She said, over time, we have become a society that is “death avoidant,” and death cafes could help overcome this.
“Forty or 50 years ago, when death was in the home, they saw the person when they died,” she said. “They saw what death really looked like, they saw the decline more, and they were able to process it. And, today, it’s just a very changed world. And I think that we need to be more comfortable. We need more educational programs to give us that understanding of why we’re so afraid.”
Now, she said, we’ve outsourced dying: “In other words, the professionals are taking care of it for the most part.”
But there’s a group of professionals that is addressing that problem. The Funeral Consumers Alliance of Greater Kansas City is a nonprofit that provides people with education and resources about funeral planning.
Since, as a culture, we outsource the business of dying, FCA advocates say not a lot of people and families know what their of options are when it comes to end of life planning.
At a recent conference, the FCA offered presentations about body donation and natural burial, as well as several mini Death Cafe sessions. Marci Michnick, vice president of the FCA, said a more personalized funeral can be a good thing.
“We encourage families to take a hands on approach if that’s what they want for after death care,” she said. “In the form of home funerals or kind of a hybrid home funeral/natural burial, you can still hire a funeral director. My point is that that can be very therapeutic.”
At Signature Funerals on State Line Road, owner Cathy Boomer said her goal is to educate her clients on the variety of options available for funeral planning.
Boomer hasn’t always been in the funeral business. In fact, she worked in technology sales for 20 years. About 14 years ago, she won a trip to Sydney, Australia. While driving through a neighborhood there, she noticed a space that looked calming and inviting. She said it looked like a good place to go shopping. But upon further inspection, she saw that it was a funeral home. What she saw there became the inspiration for her own business, Signature Funerals.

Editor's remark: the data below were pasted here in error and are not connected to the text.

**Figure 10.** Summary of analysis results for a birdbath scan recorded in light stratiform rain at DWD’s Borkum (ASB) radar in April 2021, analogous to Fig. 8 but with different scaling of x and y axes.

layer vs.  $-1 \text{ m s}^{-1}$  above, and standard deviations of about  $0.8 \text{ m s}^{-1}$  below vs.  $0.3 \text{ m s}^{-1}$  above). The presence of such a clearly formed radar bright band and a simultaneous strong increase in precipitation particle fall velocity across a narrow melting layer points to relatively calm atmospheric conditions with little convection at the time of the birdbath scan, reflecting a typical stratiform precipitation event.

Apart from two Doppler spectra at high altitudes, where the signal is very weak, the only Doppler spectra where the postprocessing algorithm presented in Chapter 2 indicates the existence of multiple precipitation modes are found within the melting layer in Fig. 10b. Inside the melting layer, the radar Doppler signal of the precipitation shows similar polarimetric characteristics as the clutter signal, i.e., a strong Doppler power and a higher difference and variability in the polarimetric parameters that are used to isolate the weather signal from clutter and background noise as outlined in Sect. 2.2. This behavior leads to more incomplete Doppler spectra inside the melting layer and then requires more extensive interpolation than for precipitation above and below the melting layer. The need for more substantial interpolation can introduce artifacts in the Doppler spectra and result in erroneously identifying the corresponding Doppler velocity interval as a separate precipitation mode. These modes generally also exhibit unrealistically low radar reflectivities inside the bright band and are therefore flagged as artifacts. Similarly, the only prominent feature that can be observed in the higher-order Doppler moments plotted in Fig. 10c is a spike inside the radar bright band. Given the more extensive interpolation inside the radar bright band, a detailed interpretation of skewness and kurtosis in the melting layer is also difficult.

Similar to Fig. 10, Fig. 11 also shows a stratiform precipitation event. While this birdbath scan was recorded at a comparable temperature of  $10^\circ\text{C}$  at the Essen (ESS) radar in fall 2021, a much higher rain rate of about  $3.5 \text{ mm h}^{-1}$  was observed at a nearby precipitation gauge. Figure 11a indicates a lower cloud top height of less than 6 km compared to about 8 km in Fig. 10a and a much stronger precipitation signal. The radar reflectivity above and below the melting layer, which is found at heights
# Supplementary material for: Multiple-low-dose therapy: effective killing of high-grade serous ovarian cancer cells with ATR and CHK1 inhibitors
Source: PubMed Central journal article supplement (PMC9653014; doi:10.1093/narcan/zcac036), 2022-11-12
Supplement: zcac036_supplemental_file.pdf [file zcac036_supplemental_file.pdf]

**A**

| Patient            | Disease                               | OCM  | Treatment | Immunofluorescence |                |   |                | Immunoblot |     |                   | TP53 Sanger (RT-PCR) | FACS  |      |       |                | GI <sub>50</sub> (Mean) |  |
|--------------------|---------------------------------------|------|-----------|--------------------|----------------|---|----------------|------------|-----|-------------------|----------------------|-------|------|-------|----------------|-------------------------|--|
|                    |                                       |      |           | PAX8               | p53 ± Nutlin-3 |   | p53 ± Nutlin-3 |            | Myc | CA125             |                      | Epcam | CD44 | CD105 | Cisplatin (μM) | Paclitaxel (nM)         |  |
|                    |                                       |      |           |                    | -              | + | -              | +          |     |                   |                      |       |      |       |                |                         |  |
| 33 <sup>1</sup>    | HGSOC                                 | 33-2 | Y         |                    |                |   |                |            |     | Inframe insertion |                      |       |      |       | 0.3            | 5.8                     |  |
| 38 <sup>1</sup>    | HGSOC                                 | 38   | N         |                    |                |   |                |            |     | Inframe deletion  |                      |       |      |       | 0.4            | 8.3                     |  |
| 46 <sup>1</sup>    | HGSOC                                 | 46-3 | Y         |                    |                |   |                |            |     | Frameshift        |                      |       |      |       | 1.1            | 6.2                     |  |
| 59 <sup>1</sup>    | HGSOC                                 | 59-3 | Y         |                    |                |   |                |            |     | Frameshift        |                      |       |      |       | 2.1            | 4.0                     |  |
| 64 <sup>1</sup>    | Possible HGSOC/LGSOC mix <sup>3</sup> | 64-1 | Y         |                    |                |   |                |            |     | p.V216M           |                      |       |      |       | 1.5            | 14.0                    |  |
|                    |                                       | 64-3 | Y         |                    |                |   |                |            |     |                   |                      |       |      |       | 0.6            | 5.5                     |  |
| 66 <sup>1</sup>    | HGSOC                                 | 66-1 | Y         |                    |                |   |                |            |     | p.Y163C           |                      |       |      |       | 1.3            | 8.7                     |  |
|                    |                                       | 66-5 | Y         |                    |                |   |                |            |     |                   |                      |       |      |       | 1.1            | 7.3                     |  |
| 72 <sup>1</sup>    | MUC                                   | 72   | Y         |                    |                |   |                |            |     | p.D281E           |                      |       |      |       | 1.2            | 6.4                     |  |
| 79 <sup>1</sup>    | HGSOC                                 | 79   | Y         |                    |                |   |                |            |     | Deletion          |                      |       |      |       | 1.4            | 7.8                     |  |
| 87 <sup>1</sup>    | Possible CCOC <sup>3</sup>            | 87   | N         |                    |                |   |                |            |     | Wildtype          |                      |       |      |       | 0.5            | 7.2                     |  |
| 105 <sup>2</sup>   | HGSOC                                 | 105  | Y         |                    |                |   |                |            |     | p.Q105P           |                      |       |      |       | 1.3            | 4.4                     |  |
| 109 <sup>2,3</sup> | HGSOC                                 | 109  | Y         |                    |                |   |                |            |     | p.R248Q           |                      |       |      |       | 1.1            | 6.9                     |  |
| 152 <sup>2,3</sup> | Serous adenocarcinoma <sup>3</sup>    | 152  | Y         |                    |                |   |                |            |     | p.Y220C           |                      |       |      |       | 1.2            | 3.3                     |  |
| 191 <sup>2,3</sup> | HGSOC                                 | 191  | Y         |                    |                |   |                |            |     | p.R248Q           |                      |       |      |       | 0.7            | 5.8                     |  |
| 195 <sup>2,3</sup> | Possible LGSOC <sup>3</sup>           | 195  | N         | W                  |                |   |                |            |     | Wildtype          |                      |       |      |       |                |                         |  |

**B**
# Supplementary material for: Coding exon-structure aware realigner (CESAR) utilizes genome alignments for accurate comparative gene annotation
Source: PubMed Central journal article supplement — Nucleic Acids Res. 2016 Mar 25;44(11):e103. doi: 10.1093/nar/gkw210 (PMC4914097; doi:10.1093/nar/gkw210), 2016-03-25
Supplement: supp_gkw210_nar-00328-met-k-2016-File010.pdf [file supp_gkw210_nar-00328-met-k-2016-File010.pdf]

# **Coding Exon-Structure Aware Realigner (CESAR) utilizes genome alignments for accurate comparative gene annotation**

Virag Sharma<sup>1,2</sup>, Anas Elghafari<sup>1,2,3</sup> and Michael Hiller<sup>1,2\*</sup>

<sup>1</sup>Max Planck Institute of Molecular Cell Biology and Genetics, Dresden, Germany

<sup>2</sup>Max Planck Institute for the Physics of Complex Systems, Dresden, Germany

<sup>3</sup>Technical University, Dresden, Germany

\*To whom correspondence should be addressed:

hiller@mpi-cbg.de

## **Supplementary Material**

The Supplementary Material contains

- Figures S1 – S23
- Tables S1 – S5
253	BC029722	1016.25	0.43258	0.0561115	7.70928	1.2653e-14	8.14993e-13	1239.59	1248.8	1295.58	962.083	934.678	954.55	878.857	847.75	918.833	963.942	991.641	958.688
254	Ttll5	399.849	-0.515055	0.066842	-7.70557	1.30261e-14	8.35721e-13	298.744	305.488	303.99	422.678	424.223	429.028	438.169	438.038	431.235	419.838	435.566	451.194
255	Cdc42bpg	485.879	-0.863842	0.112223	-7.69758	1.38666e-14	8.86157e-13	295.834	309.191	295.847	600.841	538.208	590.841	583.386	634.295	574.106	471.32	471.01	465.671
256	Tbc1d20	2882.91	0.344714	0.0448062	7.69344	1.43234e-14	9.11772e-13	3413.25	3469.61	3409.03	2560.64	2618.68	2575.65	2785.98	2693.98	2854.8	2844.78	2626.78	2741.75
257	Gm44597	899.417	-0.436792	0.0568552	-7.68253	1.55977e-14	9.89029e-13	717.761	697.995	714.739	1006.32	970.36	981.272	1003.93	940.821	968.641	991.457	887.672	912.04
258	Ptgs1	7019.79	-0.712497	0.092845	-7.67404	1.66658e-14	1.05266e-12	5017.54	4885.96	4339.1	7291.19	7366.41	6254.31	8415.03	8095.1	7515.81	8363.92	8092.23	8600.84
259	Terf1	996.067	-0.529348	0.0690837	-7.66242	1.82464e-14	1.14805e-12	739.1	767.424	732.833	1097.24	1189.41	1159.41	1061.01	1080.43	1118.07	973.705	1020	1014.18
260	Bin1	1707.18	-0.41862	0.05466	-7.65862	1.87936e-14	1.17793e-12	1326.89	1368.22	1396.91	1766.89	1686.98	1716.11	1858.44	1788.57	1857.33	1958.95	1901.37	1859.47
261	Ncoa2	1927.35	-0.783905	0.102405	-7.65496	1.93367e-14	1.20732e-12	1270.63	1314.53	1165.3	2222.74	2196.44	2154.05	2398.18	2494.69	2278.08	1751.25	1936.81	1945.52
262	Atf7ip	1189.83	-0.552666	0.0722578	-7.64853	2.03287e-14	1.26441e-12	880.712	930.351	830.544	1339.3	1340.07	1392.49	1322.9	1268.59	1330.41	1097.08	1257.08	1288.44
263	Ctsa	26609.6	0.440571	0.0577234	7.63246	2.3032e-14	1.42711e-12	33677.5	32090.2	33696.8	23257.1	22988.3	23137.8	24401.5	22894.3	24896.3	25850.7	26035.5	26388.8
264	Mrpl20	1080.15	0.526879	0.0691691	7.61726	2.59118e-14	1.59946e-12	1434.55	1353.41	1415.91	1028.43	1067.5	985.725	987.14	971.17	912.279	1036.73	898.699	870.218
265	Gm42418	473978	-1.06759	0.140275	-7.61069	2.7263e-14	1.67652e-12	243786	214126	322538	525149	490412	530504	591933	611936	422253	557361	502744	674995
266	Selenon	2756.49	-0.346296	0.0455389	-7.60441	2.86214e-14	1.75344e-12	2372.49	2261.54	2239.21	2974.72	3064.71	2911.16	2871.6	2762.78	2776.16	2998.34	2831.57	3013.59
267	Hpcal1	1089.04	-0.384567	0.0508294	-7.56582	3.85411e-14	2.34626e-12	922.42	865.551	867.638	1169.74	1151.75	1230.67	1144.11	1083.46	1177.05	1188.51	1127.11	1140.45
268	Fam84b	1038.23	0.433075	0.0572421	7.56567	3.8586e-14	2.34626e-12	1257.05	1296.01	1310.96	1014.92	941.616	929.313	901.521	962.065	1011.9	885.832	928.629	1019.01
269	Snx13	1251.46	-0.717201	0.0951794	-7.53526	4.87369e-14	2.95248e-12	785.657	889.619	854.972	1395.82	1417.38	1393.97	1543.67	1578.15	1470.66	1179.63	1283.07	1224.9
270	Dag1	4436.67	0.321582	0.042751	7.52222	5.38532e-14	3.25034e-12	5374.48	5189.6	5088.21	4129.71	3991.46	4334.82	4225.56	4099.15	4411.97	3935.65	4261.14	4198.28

“I lost a sister about 10 years before I saw the Sydney facility,” she said. “And i just thought could it be a different experience. Does it have to be a traditional way? Is there a different way we can bring funeral care and services to the people of Kansas City?”
Boomer said too often families don’t know their loved one’s wishes and, as a result, have to make a lot of decisions during a time that is already difficult. Oftentimes, she said, funeral directors hold all the cards because people just don’t know their options.
One of the regular Death Cafe meetings in the area takes place at Signature Funerals. While this Death Cafe is not affiliated with her business, Boomer said the movement is in line with her philosophy of fostering open conversations about death.
“In this industry, without education, only one party holds all the information,” she said. “So it’s really important to get some education ahead of your need.”